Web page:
Updated 9:50 a.m. EST, Tuesday, November 6
Instagram, the popular photo-sharing app, is about to become even more visible: On Monday, the company announced that it had begun launching new, desktop Web profiles for its users.
The move, which had been leaked earlier by All Things D, marks a major departure from a proven model that has gained Instagram so much success — specializing in mobile.
The popular photo-editing and sharing social network began in 2010 as an iPhone app and only finally expanded to Android in April, just days before Instagram was acquired by Facebook for a record $1 billion, despite having no revenue stream of its own to speak of.
So it wasn’t exactly a surprise to see that Instagram’s new web profiles closely resemble its new corporate overlord Facebook’s user profiles, complete with a large, landscape “cover photo” space at the top and a short text bio and smaller bio photo underneath, followed by a series of recent image posts (though it is worth noting that the top photo space on Instagram for web is actually made up of a dynamic, constantly rotating grid of several of a user’s photos).
See a screenshot of the new Facebook-like Instagram profiles here:
Despite the resemblance, the new Instagram Web profile template “was built by the Instagram team,” an Instagram spokesperson said in a statement to TPM.
“Your web profile features a selection of your recently shared photographs just above your profile photo and bio, giving others a snapshot of the photos you share on Instagram,” wrote Instagram in a blog post. “In addition, you can follow users, comment & like photos and edit your profile easily and directly from the web. It’s a beautiful new way to share your Instagram photos!”
As for why Instagram decided to make this change now, Instagram CEO Kevin Systrom provided the following statement to TPM: “People have been asking for this for a while now and we’re excited to finally start rolling them out.”
Instagram has had a banner year, even for a white-hot tech startup. Aside from getting acquired by Facebook, it’s seen its user base grow from 30 million to upwards of 100 million, buoyed in part by famous adopters including pop star Justin Bieber, rapper Snoop Dogg and President Obama.
The company’s rise has also spawned a wake of imitators and add-on apps.
But Instagram itself is still gaining users at a rapid clip (it’s the 15th most popular free app at the time of this article’s publication).
On top of all that, Hurricane Sandy may have proven to be a defining moment for Instagram’s adoption and usage: The storm was the single-most photographed and shared event in the company’s history, with 800,000 photos tagged with the storm’s moniker (#Sandy), nearly 10 times the number of photos shared during the 2012 Superbowl, Instagram’s previous mass record for photo sharing of a singular event. New Web profiles are only likely to help increase its popularity and adoption by other major users and companies.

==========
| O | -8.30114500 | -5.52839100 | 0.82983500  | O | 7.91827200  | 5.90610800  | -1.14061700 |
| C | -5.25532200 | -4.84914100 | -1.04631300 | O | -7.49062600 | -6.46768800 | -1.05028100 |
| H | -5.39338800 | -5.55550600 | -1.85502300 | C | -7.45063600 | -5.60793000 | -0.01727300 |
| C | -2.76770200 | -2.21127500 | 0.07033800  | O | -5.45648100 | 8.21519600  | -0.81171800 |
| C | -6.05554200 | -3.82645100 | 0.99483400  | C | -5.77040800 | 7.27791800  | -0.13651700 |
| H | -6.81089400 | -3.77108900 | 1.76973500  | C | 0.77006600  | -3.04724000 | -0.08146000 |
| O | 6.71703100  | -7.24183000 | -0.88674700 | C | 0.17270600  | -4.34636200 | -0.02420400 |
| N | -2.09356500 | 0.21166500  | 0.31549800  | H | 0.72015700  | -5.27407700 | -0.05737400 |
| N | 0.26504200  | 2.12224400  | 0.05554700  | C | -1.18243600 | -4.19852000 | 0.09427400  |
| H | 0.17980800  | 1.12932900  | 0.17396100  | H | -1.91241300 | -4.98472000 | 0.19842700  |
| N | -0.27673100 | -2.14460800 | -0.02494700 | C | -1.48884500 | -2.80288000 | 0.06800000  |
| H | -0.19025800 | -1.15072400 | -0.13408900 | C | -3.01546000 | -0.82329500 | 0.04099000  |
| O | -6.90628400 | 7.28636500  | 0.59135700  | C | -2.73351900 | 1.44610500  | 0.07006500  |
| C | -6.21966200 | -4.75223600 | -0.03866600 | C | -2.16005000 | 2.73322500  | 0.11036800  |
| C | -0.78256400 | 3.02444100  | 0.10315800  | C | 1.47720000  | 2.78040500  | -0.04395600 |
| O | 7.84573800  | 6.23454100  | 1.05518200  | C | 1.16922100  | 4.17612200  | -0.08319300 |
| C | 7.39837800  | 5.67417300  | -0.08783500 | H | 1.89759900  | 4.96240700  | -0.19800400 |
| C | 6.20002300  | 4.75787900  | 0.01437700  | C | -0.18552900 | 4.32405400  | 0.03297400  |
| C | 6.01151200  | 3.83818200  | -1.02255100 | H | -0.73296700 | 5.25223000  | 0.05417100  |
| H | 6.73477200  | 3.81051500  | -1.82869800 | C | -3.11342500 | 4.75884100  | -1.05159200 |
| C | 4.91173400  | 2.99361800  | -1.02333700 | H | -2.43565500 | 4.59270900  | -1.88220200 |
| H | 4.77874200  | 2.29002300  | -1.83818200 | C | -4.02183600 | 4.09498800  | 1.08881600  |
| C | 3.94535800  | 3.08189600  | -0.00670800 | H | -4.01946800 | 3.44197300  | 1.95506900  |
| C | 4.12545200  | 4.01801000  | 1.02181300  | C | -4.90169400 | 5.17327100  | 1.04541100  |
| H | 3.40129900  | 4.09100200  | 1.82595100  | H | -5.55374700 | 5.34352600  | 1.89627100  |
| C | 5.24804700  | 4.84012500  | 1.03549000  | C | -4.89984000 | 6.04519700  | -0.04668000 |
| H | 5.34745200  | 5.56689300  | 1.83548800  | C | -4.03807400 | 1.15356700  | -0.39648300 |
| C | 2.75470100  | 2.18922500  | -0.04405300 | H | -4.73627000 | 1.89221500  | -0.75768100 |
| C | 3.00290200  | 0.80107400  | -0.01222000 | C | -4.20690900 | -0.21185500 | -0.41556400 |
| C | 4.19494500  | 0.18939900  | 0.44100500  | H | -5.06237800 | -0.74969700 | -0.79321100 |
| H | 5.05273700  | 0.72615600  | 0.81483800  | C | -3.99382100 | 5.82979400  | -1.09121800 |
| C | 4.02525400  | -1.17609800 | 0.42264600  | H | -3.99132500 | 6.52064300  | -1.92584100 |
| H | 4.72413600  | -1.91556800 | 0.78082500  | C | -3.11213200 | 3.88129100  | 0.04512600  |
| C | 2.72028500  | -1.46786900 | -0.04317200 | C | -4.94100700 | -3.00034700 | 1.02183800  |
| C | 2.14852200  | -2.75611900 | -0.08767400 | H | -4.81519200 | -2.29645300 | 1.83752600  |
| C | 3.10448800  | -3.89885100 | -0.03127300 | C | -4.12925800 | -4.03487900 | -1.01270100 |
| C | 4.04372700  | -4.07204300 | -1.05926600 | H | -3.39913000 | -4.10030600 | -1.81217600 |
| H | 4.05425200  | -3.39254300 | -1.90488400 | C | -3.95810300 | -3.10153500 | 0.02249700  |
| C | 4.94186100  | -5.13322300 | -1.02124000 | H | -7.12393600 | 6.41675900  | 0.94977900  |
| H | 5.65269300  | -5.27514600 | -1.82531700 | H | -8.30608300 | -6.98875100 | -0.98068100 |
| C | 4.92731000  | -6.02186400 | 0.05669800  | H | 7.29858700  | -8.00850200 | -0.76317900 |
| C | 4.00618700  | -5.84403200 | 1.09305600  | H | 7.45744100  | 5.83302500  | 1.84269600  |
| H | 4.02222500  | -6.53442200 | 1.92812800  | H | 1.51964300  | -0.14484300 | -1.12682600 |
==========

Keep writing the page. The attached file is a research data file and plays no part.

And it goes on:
At the same time, the new Facebook-like profiles for Instagram on the web again raise the question over just how independent Instagram will remain from Facebook.
Facebook CEO Mark Zuckerberg has repeatedly stated his intent to keep the two social networks distinct, in September telling an audience at the TechCrunch Disrupt conference in San Francisco that “We have no agenda with making them [Instagram] go onto our infrastructure.”
Yet Zuckerberg also admitted that his company, which itself now counts over 1 billion users, has struggled to keep up with the massive adoption of mobile devices and provide a fast, simple, easy and generally high-quality mobile Facebook experience to users, as well as to increase monetization of its mobile ad offerings. Buying Instagram was supposed to help with that.
As Facebook’s own third-quarter earnings report for 2012, published in late October, notes, Instagram “is expected to enhance our photos product offerings and to enable users to increase their levels of mobile engagement and photo sharing.”
Instagram’s small team has moved into Facebook’s Palo Alto, California headquarters. Instagram has also long supported Facebook integration, allowing users to post their Instagram photos to their Facebook profiles and show on Facebook the photos they’ve liked on Instagram, if the user elects to log into both social networks.
It remains to be seen whether Instagram Web profiles will end up displaying Facebook interactions or advertisements on them, too (so far there doesn’t seem to be space for that, but time will tell).
“There are not changes to the integration right now,” between the two disparate social networks, Instagram’s spokesperson told TPM.
At the very least, the move to make Instagram Web profiles is a curious one, given the overall trend toward mobile devices, away from desktop interaction. Instagram notably doesn’t yet have a dedicated tablet app for either Apple’s iPad or Android tablets (though Instagram does support a modified view for both). The new Web app, built using HTML 5, does seem to be a stopgap way to provide a more tablet-optimized experience without launching dedicated tablet apps.
Also, Instagram’s increasing Web presence may explain why Twitter is reportedly preparing to release Instagram-like colored and textured photo-filters of its own. (Twitter was reportedly in acquisition talks with Instagram prior to the announcement of the Facebook deal, and Twitter co-founder Jack Dorsey notably stopped using Instagram to post images to Twitter after the acquisition was announced, though his Instagram account remains up).
Updated throughout to add information from Facebook and Instagram.